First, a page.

By Terah La Vonda, 16, Angelus Plaza
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Illustration by David Tran, 16, Warren HS (Downey)

I was listening to System of a Down on my CD player at school. The blaring beat from my headphones drew my teacher over. She pulled on one of my headphones and asked me what I was listening to.

"Heavy metal," I said.

"Heavy metal?" she said looking surprised. She said that she didn’t know that blacks listen to that type of music.

I was surprised by her comments. She thought that certain races are limited to one type of music. If you’re white, you love rock. If you’re black, you listen to rap. Some people might think her comments were harsh, but I know my teacher and know that wasn’t her intent. But I do think it’s closed-minded.

I think that rock and rap have a lot in common, especially when it comes to loud, off-the-wall beats that annoy old people. But really, rock and rap have collaborated for the past 30 years and no one seems to complain.

In the ’70s, deejays recycled rock instrumentals all the time. Rappers took portions of Dennis Coffey‘s "Scorpio" and Aerosmith‘s "Walk this Way" instrumental to rap over. In the ’80s, Debbie Harry, otherwise known as Blondie, produced "Rapture," which featured Fab Five Freddy and Grandmaster Flash. But I think the most famous rock-inspired rappers were Run-D.M.C. who remade Aerosmith’s "Walk This Way" in 1986, followed by the Beastie Boys‘s hit singles such as "Fight for your Right" and "No Sleep ‘Til Brooklyn." The list goes on and on.

I think that blend of music is cool, but wondered what others thought. So I asked my friend, Emilio Zelaya of Hamilton High School.

"Different people have different likes and dislikes, whether they’re black, white, brown or yellow, and that’s what makes music such a great thing. It creates something in common with different races. It’s wrong to label rock as white music and rap as black music, because in today’s society, it’s simply not true," he said.

My friend Sebastian Burnside from Dorsey High School says he’s not surprised to hear that people think certain races only listen to certain types of music.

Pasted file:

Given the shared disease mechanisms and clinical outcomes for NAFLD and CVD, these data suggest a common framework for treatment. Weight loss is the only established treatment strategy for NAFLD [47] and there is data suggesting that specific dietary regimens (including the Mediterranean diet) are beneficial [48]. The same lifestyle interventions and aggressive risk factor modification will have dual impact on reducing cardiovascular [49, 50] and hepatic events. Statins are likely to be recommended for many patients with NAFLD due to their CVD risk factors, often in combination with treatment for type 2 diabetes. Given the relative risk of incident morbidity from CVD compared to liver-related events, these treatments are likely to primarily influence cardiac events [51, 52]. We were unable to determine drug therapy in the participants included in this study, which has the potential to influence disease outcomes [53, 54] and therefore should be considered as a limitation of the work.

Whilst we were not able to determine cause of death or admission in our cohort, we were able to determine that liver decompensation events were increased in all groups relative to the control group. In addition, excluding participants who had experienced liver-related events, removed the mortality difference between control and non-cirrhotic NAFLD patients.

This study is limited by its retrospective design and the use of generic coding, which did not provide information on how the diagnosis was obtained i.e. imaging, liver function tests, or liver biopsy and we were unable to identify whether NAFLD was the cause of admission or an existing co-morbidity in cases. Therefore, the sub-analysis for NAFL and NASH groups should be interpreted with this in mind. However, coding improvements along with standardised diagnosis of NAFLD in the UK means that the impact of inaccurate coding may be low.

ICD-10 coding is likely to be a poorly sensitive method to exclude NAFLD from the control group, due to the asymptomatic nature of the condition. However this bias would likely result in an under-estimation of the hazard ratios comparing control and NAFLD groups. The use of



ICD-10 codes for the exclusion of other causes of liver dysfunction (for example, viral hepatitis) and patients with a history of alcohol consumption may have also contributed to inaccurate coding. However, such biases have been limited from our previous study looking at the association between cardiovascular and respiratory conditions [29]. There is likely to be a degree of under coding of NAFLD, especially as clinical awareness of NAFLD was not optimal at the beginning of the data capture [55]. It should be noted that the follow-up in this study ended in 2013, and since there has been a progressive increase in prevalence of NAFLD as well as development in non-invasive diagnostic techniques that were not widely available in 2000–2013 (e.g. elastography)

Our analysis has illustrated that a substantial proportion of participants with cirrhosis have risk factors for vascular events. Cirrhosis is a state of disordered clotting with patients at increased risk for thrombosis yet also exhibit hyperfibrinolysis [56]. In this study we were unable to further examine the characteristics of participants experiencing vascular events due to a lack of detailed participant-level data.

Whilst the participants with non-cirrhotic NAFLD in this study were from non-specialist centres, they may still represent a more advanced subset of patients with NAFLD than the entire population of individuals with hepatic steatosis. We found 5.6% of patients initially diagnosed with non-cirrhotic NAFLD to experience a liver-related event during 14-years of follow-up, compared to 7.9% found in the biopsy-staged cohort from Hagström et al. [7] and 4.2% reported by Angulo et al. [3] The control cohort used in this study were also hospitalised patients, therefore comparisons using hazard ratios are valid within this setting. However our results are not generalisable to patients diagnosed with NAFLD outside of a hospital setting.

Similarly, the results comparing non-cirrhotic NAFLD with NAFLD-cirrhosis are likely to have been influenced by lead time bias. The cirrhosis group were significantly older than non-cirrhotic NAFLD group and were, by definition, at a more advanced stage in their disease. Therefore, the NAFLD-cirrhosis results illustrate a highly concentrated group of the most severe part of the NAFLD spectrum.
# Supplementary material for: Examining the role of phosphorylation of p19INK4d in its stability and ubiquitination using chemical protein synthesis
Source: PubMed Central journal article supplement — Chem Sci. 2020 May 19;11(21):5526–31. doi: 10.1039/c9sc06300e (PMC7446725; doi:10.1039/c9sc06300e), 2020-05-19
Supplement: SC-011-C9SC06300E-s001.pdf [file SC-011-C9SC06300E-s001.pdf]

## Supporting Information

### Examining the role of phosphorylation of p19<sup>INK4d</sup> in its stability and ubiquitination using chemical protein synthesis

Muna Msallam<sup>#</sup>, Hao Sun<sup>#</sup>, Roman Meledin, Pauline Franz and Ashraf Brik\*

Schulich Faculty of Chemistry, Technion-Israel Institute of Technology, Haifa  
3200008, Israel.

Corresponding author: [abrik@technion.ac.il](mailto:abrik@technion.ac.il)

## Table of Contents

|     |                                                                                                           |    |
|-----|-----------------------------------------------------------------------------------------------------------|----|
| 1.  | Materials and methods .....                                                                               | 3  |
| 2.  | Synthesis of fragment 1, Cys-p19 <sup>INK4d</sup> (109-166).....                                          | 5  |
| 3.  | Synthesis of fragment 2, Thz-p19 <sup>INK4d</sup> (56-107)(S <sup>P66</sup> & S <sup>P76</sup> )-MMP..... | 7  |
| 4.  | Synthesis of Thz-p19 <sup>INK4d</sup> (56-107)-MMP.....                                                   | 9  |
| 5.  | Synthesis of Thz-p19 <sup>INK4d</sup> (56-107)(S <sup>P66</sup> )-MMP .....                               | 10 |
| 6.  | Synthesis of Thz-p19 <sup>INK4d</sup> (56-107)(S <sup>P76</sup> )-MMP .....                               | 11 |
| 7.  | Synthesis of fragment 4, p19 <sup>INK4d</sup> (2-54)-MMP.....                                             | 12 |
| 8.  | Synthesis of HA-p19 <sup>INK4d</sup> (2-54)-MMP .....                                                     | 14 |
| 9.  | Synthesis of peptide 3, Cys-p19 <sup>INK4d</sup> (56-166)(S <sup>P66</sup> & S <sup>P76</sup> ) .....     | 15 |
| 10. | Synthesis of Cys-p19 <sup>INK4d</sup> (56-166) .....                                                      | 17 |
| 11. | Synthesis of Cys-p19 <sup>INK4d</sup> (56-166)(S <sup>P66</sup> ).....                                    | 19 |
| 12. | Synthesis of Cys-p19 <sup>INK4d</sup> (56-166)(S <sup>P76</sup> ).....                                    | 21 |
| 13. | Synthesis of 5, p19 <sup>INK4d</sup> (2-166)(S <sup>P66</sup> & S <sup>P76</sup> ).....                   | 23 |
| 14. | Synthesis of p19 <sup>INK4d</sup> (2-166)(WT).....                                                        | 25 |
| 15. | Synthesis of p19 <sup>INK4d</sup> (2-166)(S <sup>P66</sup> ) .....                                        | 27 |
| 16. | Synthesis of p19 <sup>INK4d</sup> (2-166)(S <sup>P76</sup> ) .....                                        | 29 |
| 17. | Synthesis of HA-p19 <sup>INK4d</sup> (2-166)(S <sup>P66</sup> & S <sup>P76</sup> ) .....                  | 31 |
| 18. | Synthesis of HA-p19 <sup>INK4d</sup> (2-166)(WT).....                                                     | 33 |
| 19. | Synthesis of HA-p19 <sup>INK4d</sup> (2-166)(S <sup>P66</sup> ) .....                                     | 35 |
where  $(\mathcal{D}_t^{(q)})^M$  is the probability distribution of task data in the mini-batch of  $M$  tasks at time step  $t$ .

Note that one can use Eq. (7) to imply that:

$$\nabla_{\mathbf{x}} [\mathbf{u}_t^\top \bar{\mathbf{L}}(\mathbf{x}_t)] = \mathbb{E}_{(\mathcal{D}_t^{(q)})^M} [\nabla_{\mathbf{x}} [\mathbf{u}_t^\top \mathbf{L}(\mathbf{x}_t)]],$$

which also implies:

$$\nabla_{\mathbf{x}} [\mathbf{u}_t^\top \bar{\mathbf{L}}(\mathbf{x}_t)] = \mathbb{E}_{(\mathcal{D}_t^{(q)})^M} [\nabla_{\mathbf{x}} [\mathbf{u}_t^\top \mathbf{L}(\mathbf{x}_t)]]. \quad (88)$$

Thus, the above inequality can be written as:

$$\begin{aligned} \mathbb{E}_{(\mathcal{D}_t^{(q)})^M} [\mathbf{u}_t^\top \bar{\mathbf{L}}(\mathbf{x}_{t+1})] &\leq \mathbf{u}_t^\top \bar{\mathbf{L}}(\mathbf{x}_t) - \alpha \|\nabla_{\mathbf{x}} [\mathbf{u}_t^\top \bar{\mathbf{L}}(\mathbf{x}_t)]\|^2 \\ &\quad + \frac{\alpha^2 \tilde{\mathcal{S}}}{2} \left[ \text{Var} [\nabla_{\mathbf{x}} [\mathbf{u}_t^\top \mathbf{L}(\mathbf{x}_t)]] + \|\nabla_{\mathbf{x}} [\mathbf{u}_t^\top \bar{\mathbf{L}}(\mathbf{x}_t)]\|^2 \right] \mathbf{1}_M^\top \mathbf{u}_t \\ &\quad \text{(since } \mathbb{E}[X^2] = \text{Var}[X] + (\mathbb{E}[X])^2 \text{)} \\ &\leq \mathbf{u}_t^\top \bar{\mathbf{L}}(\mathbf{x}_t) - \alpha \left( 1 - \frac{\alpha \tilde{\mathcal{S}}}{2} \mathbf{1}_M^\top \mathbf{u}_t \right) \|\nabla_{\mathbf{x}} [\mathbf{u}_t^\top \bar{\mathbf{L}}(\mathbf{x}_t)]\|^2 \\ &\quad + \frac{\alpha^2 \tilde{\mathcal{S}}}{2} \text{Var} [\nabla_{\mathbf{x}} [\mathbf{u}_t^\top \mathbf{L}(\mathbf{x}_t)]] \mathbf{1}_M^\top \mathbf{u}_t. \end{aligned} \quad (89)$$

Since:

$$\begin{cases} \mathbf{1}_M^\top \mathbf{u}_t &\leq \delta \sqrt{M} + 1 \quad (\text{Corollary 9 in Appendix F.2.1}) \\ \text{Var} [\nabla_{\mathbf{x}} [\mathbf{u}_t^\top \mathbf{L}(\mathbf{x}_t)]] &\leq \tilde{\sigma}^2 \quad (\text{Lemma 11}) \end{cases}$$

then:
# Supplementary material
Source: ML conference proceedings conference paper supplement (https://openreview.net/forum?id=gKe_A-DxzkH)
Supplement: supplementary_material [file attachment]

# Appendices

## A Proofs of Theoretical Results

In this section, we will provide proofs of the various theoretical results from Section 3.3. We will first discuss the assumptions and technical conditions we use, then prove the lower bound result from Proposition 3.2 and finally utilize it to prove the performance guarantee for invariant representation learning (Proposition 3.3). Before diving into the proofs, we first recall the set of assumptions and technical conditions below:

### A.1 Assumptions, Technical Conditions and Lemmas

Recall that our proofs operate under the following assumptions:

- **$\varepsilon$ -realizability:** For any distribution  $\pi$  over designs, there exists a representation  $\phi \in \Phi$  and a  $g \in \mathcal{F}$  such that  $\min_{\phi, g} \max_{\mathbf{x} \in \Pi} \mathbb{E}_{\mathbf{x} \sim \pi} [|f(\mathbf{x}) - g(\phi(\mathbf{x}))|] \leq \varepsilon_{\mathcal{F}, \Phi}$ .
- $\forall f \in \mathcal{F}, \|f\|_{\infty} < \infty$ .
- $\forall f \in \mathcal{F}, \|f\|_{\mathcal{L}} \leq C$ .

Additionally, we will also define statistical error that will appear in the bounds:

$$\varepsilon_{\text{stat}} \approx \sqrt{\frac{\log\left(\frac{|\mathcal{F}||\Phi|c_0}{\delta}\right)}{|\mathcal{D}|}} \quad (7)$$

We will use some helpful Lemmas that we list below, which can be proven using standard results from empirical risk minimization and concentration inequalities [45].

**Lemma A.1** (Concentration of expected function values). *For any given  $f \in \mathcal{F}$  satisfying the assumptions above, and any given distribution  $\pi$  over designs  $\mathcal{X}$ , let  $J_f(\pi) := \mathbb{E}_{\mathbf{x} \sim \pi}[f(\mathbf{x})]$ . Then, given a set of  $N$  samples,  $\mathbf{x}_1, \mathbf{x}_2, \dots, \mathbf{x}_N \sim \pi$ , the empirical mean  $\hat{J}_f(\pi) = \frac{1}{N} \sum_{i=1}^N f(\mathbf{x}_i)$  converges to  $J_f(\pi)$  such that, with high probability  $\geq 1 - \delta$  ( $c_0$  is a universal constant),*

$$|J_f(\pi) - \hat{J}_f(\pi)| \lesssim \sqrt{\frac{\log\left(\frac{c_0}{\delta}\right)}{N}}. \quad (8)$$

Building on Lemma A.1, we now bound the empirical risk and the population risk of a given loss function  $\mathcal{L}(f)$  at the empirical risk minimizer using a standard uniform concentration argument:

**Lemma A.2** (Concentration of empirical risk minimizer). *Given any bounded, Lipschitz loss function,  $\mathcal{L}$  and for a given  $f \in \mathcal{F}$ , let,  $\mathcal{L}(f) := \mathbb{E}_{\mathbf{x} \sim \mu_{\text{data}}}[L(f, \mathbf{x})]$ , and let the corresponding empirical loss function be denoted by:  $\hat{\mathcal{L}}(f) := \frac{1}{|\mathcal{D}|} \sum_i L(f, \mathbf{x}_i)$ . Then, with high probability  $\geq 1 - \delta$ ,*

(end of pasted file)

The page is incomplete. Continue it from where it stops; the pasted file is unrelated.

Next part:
"I’m around close-minded people five days a week at school while attending Dorsey. There are race wars here and gangs, so it’s not a surprise to me that people still believe that a certain genre of music is limited to a certain race," he said.

Sebastian is black and Puerto Rican and mostly listens to metal like Marilyn Manson, Tool, Drowning Pool and System of a Down.

"I’m also the lead singer of a garage band that’s made up of some of my friends," Sebastian said. "So I’m totally against the state of mind that rock is only for whites and rap is only for blacks."

Dealing with the race thing

But not everyone is as comfortable as Emilio and Sebastian are with the race thing in music. Take Eminem, for example. This scrawny white guy from Michigan came on like an atomic bomb into the rap world, which is heavily dominated by blacks. He followed Vanilla Ice who came onto the scene earlier with "Ice, Ice, Baby." But after that song wasn’t popular anymore, he wasn’t cool anymore. I think white people were scared to rap after Vanilla Ice, because he became the laughing stock of the rap world. He shamed every white rapper from stepping into the rap world, because it was supposed to be a black thing.

But Eminem is still holding strong after a few years and three CDs. Some say that his music has bridged a gap between black and white music. Others say he’s just a clever marketing tool created by Dr. Dre who knew that white kids would buy CDs made by a white rapper. I guess prejudices in music do exist. Other music producers slept on Eminem’s talent, but Dr. Dre put the stereotypes aside. I think that was big of him.

Despite everything Eminem says, like impregnating Spice Girls or killing his wife, he’s never really said the N word in a song, and because of that, I think he’s extremely aware of race in his music. In his song called "Criminal" from his Dirty CD, the N word is bleeped out. I think if he ever did say the N word, then the rap industry could turn against him. If that happened, no one would support Eminem.

On the flip side, there are some black rockers. A guy from Sevendust, LeJohn, and a guy from P.O.D. was black, too. I haven’t heard much about them and don’t know what to say about them, except that they exist. So different races do perform in genres of music that feel dominated by other races.

My friend Tatiana Gallegos of Notre Dame High School doesn’t consider race when she picks her music. "To me, music is a form of expression, so it isn’t based on race. It’s based on how it makes you feel," she said.

The way I see it is that if you can’t understand music, you can’t understand the world. I think the same argument can be made about different races. Whether it’s race or music or whatever, if you close your mind to something, you really lose out.